Andrew Mondshein sees famous people. All the time.

He sees them when he’s alone in the dark in his editing studio. They say “hi” to him on the set and on the street, for they need his help. He has the power. He controls their screen time; he touches up their acting; he decides whether the pubic gets to see the better side of their faces. But like Bruce Willis’ character in “The Sixth Sense,” Mondshein, the acclaimed editor of films such as “Chocolat” and “The Sixth Sense,” does not seem to recognize that somewhere along the line, he has in fact become one of them.

If one were to flash back quickly to his story, one would see glimpses of Mondshein at the Academy Awards with his nomination for “The Sixth Sense;” one would see his footnote in film history as the first editor to use a nonlinear electronic editing system; and one would hear the words “winner” and “critical acclaim” for movies such as “Jason’s Lyric,” “Desperately Seeking Susan” and “Chocolat,” that have made him one of the most sought-after editors in Hollywood today.

Vineet Dewan had an opportunity to talk to Mondshein after Mondshein entertained a crowded Master’s Tea in Silliman College.

How did you first get involved with the film “Chocolat”?

Mondshein: I had worked with Lasse [Hallstrom] on two of his previous films, “What’s Eating Gilbert Grape?” and “Once Around,” and I also did some finishing work on “The Cider House Rules.” We’ve maintained a very close relationship. But I was unable to do “The Cider House Rules” since I had already committed to doing “The Sixth Sense.”

What initially attracted you to the film industry, and is this something you had always wanted to do?

I loved films when I was growing up, but it wasn’t until I was in high school that I started to realize that this was a way that I could be passionate about expressing some things that I loved. Films in that time, some Sidney Lumet films, “Dog Day Afternoon,” “Serpico” and obviously Stanley Kubrick’s work, just moved me in a way that so shocked and transported me in a way that nothing else had.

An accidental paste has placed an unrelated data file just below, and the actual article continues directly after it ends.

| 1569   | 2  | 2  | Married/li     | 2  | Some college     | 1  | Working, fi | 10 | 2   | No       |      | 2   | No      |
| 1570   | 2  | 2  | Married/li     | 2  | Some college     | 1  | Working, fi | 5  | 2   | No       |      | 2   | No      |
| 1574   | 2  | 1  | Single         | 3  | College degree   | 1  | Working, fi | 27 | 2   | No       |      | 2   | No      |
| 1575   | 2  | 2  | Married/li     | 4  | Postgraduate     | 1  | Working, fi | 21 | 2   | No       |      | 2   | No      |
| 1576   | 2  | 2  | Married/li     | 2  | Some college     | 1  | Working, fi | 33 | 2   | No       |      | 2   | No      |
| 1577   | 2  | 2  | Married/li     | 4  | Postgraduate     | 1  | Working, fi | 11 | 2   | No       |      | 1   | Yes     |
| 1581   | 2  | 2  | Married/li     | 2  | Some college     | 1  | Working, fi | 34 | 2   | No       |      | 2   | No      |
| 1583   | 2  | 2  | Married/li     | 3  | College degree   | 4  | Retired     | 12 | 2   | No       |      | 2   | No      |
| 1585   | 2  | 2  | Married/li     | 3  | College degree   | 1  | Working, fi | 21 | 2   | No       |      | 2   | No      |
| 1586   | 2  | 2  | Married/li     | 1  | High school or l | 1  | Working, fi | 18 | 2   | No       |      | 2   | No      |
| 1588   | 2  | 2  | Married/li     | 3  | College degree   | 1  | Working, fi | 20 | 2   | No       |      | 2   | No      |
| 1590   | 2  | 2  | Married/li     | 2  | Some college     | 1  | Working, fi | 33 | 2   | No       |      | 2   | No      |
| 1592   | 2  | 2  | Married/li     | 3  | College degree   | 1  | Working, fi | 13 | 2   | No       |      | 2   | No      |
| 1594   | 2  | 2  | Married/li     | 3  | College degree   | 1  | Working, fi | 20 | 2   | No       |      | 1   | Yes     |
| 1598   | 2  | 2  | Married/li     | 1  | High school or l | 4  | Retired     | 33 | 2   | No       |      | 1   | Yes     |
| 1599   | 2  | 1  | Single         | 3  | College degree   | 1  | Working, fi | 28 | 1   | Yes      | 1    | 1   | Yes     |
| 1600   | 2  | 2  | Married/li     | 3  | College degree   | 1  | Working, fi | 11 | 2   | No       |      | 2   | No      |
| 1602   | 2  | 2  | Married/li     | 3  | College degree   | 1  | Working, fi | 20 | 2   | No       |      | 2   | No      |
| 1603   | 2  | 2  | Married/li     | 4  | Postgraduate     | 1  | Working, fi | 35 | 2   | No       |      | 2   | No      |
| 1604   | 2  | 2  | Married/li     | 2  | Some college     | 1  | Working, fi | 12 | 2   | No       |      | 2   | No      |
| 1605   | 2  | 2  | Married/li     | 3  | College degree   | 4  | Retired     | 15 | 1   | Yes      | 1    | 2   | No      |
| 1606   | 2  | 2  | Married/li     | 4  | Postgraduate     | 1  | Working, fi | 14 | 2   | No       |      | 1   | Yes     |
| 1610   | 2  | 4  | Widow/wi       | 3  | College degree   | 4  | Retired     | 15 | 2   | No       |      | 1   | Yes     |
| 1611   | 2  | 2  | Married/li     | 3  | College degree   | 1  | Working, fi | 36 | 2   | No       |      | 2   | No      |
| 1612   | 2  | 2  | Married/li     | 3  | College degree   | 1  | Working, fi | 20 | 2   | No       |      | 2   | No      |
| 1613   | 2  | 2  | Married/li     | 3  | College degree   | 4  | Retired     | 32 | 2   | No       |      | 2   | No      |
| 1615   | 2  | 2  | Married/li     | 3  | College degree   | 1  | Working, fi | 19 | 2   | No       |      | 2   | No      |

Did you originally plan to direct?

It was an aspiration of mine — and of course everybody else’s — to direct. I actually directed a film unfortunately titled “Evidence of Blood.” I learned a lot from it. I’m eager to try again, and various people have expressed interest in me directing something, and I’m developing something at the moment, but I love editing. I’ve found a profession that I truly love, and have been more successful in it than I ever expected to be.

After the industry accolades, the string of Oscar-contender movies and your own Academy Award nomination, how has the success and recognition affected you?

I’m actually grateful that it was 20 years of working before this happened. You can’t not be affected by it. I realized how hard I worked on films prior to this that didn’t get that same attention, and that the stars must align in order for you to have the success for it to happen. And you have to know that it may or may not happen again in the future. The truth is that I worked just as hard on films that were failures as I did on films that were successful. But, yes, I am going to the Oscars this year.

Are you planning on working with “The Sixth Sense” director, M. Night Shyamalan again?

We actually spoke recently about another project next year. We’ll see what happens. I’d love to. He’s an amazingly talented man — ridiculously young too.

What is it like working with these superstar directors? Do they trample on your artistic toes?

Editing is the epitome of a collaborative process, and the ideal situation is when the ultimate result is greater than what either of the two people could bring individually. I think with both Night [Shyamalan] and Lasse [Hallstrom] and others I have worked with, that has been the result. Maybe neither of us could have done “The Sixth Sense” alone, but together we were able to do it — and the same goes for my work with Lasse.

What advice do you have for aspiring Hollywood wannabes?

My advice is twofold. One, there is absolutely no substitute for experience. Do everything you can; do what you’re interested in. A great acting instructor once said, “It takes 10 years to do anything right — and to do it well.” And hand in hand with that there’s persistence. When you persevere, you can absolutely succeed in this business.